After a couple of days of sorting out logistics, we’re finally ready to get in the water!  Because the research dives we will be doing on this expedition are somewhat extreme, we don’t want to just jump right into the great depths.  Instead, we need to conduct a series of shake-down dives, to make sure all of our equipment (and ourselves) are ready for the more extreme dives to come.

Dr. Sonia Rowley and our young assistant Ricky ride our dive boat as we head out for our first shakedown dive.

Our normal place for such shakedown dives at Pohnpei is Palikir Pass.  Famous for being a surfing spot at other times of the year, “P-Pass” is also a convenient 10-minute boat ride through the placid lagoon from NIHCO, where we can tie the boat to a mooring line (no anchor to break coral, or hoist back into the boat) in shallow water, and then drop down as deep as 165 feet / 50 meters in the pass itself to test our gear.

A pair of Orangefin Anemonefish (Amphiprion chrysopterus) nestles in their host Anemone, in Palikir Pass.

Of course, testing gear is not the only benefit of doing these dives.  Palikir Pass is also a spectacular dive site in its own right.  As long as we avoid the peak tidal shifts (when water flows swiftly into or out of the lagoon through the pass), there is often very little current.  The walls of the pass are full of gorgonian and scleractinian (sotny) corals, and a wide variety of colorful reef fishes. Out near the seaward end, we consistently find small sharks and schools of barracuda, jacks, and other fishes (particularly in the late afternoon).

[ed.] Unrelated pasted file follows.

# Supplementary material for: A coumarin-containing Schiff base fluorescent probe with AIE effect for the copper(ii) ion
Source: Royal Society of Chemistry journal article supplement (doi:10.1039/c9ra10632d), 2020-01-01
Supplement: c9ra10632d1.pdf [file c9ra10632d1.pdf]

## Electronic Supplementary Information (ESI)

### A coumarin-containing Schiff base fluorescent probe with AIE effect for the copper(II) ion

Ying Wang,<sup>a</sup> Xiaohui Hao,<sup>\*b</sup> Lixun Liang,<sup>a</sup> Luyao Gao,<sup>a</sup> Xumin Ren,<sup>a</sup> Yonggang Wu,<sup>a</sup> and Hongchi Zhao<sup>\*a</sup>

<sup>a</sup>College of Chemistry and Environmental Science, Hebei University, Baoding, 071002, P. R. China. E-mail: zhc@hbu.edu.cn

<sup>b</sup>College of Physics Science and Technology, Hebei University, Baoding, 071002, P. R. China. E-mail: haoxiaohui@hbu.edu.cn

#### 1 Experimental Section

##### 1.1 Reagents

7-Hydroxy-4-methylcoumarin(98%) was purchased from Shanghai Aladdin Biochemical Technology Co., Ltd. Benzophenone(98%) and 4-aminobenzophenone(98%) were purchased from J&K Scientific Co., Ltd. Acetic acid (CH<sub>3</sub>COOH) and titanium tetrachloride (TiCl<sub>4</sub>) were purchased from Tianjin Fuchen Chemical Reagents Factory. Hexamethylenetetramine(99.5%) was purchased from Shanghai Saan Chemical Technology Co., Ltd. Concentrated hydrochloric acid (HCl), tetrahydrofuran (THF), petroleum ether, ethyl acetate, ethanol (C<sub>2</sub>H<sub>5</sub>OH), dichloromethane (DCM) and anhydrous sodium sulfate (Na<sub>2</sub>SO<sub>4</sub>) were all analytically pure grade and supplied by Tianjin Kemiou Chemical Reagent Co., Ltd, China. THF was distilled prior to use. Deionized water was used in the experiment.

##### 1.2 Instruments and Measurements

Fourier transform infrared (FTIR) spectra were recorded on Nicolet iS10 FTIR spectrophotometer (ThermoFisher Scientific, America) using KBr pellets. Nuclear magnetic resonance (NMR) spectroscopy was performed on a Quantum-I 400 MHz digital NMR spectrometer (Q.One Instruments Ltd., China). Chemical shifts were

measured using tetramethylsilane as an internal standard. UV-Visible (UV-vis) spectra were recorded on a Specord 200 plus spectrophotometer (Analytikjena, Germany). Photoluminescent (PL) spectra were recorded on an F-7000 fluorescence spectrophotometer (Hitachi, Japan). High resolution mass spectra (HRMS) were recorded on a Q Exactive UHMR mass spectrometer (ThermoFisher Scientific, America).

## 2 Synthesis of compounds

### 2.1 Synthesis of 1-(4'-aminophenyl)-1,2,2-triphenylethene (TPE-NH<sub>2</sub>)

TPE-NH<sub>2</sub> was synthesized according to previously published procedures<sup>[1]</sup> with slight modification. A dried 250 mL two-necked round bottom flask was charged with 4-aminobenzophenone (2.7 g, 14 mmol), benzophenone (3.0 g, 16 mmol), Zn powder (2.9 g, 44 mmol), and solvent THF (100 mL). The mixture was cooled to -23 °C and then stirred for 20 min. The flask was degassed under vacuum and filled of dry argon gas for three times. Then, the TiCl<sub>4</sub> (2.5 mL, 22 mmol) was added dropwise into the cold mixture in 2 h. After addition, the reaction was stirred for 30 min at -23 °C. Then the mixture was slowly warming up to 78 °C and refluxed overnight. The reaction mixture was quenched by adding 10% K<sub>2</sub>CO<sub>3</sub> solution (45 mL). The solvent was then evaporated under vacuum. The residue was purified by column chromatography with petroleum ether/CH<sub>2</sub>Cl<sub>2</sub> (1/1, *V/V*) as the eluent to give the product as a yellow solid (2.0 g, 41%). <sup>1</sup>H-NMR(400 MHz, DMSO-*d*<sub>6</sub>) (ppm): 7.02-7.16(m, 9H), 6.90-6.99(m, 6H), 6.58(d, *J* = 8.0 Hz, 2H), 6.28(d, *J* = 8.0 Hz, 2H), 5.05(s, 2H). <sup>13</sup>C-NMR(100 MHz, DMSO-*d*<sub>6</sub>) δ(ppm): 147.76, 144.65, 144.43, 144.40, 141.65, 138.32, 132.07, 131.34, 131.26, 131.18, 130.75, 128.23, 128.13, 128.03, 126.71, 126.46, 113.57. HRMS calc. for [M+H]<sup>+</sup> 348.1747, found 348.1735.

Brian Greene films a small school of Big-eye Jacks (Caranx sexfasciatus) near the outer end of Palikir Pass.

It is also a very peaceful dive site.  At one point on the third shakedown dive, as the late afternoon light faded towards twilight, the water at the bottom of the pass was so still and relaxing, that I was compelled to kick back in the sand and blow “air-rings”!

Richard Pyle relaxing and blowing air rings during one of the shakedown dives at the bottom of Palikir Pass.

After the dive, we’re always in high spirits during the boat ride home. With the sun setting behind us, and rainbows against the darkening skies ahead, it’s about as magical a moment once can have!

Sonia Rowley (right), Brian Greene (center) and K.M. Kaing (driving boat) relax at the end of the day, after a successful shakedown dive at Palikir Pass.

Now that we are confident in our equipment, we’re ready to start doing some more serious dives!